Playoff Assist: Lance Stephenson's passing in Game 1 beat Miami
Breaking down the incredible passing decisions made by Indiana Pacers' guard Lance Stephenson in Game 1 of the Eastern Conference finals.
The Indiana Pacers don't have a prototypical playmaker. They're not built around an All-Star point guard or a star on the wing creating all opportunities for his teammates. This team is built around defensive dominance and enough scoring to win out in the majority of their games. It's a big reason why their offense can stall so much during the bad stretches. They simply don't have someone that certain someone to consistently break down the defense.
When you get out of Lance Stephenson what the Pacers got in their Game 1 rematch against the Miami Heat in the Eastern Conference finals, they feel unbeatable. Stephenson playing the controlled, attacking game we saw in their 107-96 victory gives the Pacers that playmaker their offense so greatly craves. Keeping his desire to make plays in balance with the flow of the game is always the key to maximizing what Stephenson can give your team. His 17-point, eight-assist, four-rebound performance showed off that perfect balance.
Stephenson's passing was the real key to how effective he was able to be. On one end of the floor, he was defending Dwyane Wade, a new "rival" due to some verbal run-ins. Wade had a good game scoring the ball, something that would probably frustrate a fiery competitor like Stephenson who can let the best of his emotions get to him. And yet, he still managed to keep his head. Aside from a couple bad shot decisions he made, his kept his game completely controlled and showed important patience in his passing.
He had eight assists in the game, contributing 19 points just off his passing. Of the eight assists, three were very basic plays that were just station-to-station passing. There wasn't any real creation. Here are those three basic assists:
The best assist of those three was definitely the first one. He decides to make the extra pass to the corner instead of trying to take on the transition opportunity himself. This doesn't sound like a big deal, and maybe it's really not, but it showed control from the start of the game, which is huge for his play. If he's controlled while still being aggressive, it's his best style of competing on the court.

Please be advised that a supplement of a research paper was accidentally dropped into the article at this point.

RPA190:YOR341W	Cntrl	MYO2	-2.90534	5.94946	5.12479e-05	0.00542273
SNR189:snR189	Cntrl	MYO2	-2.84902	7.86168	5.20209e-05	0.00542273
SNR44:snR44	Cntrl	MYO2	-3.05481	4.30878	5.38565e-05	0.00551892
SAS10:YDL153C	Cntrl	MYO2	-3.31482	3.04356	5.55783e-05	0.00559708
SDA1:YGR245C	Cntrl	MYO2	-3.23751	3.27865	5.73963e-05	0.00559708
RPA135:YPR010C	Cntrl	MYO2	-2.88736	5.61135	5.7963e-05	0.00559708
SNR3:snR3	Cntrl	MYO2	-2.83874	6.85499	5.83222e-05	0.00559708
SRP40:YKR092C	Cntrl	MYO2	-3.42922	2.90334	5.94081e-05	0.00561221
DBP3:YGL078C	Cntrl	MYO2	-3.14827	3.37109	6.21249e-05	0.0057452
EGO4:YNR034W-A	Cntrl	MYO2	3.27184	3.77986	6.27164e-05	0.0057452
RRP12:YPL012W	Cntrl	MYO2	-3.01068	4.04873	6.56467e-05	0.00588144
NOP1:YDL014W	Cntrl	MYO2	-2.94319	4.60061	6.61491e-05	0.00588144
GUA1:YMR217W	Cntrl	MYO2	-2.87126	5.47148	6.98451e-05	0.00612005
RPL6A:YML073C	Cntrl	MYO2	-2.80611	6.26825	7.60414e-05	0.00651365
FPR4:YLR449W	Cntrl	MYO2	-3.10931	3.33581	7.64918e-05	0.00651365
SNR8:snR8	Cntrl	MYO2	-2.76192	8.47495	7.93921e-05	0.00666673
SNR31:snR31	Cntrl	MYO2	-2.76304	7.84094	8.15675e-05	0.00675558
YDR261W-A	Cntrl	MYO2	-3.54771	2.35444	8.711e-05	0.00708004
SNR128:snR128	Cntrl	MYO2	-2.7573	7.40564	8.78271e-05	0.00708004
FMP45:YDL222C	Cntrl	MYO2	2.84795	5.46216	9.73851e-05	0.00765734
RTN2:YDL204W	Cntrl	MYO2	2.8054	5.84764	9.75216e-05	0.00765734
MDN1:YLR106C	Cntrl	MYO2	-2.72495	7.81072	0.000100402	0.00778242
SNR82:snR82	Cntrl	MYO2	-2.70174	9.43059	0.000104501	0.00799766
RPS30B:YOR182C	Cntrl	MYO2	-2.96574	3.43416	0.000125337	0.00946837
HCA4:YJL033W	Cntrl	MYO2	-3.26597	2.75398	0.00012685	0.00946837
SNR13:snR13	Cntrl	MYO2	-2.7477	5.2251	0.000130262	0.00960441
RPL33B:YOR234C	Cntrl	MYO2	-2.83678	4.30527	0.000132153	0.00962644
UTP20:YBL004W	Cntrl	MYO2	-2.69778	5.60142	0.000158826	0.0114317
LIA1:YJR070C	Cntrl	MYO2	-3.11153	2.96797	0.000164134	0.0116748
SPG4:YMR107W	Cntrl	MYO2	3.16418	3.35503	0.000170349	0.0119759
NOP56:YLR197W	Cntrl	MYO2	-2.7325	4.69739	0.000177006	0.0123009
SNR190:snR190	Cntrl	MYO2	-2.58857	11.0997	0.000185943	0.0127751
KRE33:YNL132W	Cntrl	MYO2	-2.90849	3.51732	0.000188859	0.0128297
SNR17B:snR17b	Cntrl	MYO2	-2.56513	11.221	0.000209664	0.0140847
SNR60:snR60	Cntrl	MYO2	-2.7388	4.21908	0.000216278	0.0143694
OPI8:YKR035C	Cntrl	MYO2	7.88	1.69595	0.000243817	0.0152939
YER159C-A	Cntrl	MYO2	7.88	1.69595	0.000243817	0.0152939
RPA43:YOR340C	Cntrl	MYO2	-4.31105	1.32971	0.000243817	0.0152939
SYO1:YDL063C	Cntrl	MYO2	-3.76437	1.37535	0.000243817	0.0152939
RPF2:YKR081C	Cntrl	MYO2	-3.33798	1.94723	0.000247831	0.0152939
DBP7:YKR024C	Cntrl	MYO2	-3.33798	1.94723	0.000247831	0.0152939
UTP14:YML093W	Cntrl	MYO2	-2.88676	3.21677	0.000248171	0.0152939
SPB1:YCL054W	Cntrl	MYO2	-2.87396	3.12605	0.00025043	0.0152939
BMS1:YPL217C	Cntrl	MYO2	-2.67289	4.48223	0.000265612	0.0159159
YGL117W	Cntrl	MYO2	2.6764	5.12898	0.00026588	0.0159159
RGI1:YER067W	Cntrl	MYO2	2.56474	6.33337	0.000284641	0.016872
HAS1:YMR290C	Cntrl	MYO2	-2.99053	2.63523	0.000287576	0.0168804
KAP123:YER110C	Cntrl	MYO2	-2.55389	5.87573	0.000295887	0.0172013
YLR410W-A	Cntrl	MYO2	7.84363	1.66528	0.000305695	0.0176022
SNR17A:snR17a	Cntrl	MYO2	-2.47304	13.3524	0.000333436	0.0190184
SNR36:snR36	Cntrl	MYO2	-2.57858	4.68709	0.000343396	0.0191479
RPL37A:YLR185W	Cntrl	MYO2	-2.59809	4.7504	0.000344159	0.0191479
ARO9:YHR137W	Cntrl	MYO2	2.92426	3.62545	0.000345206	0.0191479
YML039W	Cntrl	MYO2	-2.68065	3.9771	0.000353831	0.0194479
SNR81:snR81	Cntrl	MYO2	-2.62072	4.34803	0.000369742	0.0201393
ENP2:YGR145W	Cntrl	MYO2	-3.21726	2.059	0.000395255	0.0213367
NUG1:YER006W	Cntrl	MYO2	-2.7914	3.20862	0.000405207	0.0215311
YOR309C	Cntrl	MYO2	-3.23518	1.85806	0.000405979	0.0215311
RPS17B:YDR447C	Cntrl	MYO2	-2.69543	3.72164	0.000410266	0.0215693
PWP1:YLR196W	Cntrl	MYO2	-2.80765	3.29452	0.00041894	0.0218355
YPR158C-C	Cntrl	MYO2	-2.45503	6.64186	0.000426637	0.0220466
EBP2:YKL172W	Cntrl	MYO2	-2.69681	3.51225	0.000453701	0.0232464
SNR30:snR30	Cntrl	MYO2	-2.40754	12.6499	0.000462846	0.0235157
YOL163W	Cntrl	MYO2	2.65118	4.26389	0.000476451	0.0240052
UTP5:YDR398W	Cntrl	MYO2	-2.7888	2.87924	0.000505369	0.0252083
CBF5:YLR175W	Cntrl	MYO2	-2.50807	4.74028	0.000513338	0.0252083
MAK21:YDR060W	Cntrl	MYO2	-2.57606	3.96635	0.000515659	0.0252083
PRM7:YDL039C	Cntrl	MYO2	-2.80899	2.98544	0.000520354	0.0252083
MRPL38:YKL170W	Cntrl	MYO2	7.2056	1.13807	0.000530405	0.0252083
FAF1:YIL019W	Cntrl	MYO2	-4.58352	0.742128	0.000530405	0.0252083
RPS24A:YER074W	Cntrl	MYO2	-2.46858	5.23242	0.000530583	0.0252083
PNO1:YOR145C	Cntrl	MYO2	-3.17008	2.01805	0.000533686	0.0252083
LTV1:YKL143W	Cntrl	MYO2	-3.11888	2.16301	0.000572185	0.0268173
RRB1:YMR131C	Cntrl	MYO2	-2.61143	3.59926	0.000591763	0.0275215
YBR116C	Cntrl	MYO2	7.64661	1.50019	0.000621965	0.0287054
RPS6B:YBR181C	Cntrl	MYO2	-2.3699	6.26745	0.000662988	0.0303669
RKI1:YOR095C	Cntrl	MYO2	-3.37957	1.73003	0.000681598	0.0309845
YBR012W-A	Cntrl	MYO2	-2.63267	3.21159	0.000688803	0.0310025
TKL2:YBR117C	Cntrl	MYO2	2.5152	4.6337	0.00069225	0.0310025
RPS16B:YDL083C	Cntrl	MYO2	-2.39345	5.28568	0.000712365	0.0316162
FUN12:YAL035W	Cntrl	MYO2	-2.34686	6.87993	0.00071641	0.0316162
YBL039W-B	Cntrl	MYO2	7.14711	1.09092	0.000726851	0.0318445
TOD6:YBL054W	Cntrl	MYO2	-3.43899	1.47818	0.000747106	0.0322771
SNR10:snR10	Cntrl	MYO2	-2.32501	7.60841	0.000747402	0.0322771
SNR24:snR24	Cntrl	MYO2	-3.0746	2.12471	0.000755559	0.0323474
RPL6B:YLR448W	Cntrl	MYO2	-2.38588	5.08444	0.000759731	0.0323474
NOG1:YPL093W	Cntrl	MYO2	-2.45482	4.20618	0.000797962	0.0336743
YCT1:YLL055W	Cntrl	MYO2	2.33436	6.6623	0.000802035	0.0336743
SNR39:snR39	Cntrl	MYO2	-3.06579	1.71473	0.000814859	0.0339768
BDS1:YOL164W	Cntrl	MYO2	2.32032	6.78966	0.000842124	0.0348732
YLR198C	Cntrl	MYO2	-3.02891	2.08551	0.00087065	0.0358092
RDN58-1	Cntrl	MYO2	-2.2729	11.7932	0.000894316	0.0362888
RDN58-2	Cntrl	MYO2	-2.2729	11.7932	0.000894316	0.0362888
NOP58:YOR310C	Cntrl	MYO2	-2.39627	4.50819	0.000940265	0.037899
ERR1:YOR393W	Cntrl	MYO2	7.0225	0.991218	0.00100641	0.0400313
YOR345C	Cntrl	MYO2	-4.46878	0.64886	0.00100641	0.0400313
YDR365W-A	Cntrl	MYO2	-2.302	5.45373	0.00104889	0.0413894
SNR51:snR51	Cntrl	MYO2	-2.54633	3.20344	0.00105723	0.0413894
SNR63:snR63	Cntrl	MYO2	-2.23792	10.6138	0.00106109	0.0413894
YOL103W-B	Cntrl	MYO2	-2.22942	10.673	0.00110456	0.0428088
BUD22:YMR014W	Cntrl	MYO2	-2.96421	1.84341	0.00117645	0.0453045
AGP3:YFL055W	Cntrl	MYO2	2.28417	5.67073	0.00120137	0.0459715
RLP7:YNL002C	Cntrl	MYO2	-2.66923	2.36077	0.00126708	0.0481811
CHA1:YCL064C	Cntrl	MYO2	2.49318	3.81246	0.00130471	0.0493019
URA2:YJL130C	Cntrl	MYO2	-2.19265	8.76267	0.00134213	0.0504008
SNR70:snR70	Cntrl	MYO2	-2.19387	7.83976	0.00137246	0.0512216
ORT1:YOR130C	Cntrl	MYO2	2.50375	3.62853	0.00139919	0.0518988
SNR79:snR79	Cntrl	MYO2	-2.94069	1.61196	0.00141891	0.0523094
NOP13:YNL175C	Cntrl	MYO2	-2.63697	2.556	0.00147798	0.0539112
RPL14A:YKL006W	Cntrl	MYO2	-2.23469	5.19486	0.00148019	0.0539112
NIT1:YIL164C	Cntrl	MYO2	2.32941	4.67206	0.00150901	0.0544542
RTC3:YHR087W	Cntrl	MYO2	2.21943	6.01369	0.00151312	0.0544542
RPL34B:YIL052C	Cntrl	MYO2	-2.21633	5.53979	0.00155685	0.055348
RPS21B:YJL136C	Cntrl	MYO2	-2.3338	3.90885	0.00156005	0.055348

That assist on the inbound play for a Paul George midrange jumper was the only basket he created for a teammate that didn't come behind the 3-point line or in the paint. 17 of the points he created with his passing were of the most efficient variety. Stephenson got his team looks inside and looks on the perimeter, picking apart the mistakes the Heat defense made throughout the game. Let's take a look at his other five assists and where he took advantage of Miami:
The importance of patience in your passing decisions is huge as a player and when Stephenson allowed the play to develop, the defense didn't really have a chance of defending it. He wasn't hesitant; he was calm. The first pass to C.J. Watson on the wing was him reading Ray Allen's reluctance to leave Rasual Butler in the corner, and getting rid of the ball before Norris Cole could double off of Watson to disrupt the play. Stephenson did a great job of keeping the ball in the middle of the floor on his decisions to give him the most real estate the thinnest resistance possible.
His retreat dribble on the second assist after the Heat tried to trap off the pick-and-roll was the correct decision because he got to reset and observe the floor once again. He waited for the pick-and-pop to start developing with Luis Scola. Once Cole was transfixed on Scola, Watson cut back door and Stephenson recognized the necessary timing beautifully.
Throughout the game, the Heat struggled defending the pick-and-roll and the pick-and-pop. They seemed too soft when they trapped, the backside help wasn't in position, and they were tentative in how they set up where they wanted to Pacers to go. Stephenson navigated it beautifully and dissected their poor defense with his passing. It's hard to know how much of it was a result of bad defense and how much of it was a result of good play by Stephenson. But regardless, the Pacers took advantage no matter what the reasoning was.
This is the kind of team play the Pacers were missing for 3.5 months of the season and playoffs. When Stephenson dishes out six assists or more in a game, Indiana is 24-4 and that includes the playoffs. He is their playmaker on a lot of nights and if he can be their playmaker throughout this series while showing the control he possessed in Game 1, we may not see the Heat have a chance to three-peat next month.
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